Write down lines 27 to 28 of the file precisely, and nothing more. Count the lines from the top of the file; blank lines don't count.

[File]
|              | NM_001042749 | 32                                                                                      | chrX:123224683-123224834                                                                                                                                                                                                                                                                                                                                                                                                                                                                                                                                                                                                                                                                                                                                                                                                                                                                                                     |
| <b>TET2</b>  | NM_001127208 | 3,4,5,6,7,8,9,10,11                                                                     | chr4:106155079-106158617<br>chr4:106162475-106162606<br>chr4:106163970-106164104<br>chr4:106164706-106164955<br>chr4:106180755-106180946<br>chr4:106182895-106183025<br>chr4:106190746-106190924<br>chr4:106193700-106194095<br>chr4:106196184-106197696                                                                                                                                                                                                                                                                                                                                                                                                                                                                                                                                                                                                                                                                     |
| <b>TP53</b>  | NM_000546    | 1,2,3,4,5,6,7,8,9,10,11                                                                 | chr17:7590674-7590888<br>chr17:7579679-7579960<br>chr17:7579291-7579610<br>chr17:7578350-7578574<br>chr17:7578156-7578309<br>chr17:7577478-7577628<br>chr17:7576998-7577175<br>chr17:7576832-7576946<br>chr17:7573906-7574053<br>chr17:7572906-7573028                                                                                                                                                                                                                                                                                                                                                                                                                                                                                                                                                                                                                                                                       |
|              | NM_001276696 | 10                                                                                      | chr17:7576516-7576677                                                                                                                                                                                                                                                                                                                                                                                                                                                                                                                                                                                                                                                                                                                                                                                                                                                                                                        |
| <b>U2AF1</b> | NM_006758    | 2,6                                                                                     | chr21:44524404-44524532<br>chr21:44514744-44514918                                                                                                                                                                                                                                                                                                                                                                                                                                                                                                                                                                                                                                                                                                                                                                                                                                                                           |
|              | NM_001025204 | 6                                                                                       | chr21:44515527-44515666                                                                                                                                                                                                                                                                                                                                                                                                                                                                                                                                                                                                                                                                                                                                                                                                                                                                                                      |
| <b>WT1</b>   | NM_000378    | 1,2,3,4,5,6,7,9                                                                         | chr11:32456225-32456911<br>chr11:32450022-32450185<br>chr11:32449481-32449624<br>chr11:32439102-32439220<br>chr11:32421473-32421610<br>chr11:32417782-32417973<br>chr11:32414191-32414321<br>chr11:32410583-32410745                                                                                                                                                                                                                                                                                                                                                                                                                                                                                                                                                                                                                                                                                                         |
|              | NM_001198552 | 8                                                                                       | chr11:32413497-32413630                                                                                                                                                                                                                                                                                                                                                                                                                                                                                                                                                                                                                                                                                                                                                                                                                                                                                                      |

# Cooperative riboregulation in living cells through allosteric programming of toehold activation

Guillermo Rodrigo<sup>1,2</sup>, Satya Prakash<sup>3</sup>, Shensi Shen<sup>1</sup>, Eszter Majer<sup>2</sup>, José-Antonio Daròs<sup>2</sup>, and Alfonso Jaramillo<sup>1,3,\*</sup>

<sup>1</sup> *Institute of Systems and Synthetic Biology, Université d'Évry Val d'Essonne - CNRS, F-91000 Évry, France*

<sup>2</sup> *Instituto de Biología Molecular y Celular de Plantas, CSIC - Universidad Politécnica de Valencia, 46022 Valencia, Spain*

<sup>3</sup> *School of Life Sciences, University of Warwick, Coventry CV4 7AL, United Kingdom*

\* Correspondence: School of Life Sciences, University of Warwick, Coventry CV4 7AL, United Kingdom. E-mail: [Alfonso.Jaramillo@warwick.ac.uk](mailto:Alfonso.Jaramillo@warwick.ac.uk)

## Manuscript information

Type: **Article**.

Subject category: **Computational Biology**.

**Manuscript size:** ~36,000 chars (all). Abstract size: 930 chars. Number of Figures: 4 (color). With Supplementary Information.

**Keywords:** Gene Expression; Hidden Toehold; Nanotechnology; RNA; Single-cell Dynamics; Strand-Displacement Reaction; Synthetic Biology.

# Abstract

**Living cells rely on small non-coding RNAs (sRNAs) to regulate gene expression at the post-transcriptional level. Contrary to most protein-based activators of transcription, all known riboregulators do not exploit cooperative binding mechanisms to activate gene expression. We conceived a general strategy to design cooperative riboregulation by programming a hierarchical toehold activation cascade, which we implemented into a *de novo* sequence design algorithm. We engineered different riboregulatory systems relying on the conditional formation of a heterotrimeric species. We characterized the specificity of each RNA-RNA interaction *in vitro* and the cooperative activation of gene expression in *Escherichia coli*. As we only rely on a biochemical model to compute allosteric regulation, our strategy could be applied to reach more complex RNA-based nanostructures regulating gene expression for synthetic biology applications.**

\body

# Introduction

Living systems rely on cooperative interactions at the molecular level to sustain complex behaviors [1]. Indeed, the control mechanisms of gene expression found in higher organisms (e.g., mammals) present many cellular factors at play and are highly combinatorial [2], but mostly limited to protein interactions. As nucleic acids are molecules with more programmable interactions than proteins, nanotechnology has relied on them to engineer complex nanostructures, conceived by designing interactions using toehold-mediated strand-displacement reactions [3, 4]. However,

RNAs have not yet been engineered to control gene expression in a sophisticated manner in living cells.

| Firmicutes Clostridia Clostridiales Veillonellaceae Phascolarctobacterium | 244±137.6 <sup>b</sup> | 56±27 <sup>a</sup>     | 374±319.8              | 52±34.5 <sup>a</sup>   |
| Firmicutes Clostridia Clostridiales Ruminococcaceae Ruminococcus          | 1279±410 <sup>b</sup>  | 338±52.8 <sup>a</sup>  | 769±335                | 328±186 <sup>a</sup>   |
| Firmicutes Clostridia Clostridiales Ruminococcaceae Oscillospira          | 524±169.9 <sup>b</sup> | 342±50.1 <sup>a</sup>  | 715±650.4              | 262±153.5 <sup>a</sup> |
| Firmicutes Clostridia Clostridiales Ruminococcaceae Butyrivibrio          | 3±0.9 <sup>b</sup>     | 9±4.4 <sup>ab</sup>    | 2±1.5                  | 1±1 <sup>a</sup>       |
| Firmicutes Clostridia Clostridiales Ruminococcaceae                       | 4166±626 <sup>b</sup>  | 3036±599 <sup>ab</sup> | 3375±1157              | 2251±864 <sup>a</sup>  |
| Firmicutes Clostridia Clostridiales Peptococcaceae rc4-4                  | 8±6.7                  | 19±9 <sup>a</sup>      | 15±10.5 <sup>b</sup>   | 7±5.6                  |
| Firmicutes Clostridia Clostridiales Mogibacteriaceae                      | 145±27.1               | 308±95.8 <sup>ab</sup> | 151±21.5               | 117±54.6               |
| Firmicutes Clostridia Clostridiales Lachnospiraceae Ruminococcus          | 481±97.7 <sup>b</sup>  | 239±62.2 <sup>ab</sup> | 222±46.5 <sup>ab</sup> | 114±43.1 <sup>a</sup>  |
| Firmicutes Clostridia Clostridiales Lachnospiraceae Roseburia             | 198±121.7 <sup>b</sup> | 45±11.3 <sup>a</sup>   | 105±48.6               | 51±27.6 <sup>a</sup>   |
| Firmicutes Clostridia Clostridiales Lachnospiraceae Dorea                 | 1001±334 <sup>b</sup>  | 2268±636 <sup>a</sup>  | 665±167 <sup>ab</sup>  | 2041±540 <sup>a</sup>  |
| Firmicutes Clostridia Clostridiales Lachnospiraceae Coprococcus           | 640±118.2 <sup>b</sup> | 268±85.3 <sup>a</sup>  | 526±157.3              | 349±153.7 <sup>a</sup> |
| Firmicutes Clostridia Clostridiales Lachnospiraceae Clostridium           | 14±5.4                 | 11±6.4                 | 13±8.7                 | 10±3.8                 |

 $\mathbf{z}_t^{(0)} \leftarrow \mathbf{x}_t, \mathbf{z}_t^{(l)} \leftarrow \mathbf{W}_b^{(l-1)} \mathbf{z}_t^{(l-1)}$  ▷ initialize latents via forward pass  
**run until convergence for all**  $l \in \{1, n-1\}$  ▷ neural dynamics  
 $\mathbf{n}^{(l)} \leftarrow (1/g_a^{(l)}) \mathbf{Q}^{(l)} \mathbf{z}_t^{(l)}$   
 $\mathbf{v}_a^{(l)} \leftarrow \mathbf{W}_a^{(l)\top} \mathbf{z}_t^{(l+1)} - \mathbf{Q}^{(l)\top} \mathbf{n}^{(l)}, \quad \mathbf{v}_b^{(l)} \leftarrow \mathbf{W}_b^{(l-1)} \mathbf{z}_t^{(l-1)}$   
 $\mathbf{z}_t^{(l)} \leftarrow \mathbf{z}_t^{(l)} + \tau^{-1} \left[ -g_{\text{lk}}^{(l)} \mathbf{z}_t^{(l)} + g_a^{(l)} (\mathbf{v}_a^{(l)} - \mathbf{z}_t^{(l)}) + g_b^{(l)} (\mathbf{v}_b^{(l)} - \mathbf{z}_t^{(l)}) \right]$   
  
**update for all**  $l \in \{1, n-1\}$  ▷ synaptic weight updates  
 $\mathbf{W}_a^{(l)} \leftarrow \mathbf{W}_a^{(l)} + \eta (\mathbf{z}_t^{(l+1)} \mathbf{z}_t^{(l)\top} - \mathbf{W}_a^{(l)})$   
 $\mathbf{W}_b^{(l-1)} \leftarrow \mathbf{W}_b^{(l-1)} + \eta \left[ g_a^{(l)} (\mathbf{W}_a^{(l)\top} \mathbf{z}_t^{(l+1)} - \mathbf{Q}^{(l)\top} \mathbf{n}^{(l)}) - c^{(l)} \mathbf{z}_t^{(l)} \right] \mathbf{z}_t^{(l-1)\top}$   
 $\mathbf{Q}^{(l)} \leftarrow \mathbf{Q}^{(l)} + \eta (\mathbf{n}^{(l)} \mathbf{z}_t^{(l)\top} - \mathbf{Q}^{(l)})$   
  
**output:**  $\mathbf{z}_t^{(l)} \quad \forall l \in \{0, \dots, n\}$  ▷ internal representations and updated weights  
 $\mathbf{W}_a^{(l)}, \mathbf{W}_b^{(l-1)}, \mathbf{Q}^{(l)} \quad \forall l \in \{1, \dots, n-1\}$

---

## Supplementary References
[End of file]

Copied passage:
| Firmicutes Clostridia Clostridiales Ruminococcaceae Ruminococcus          | 1279±410 <sup>b</sup>  | 338±52.8 <sup>a</sup>  | 769±335                | 328±186 <sup>a</sup>   |
| Firmicutes Clostridia Clostridiales Ruminococcaceae Oscillospira          | 524±169.9 <sup>b</sup> | 342±50.1 <sup>a</sup>  | 715±650.4              | 262±153.5 <sup>a</sup> |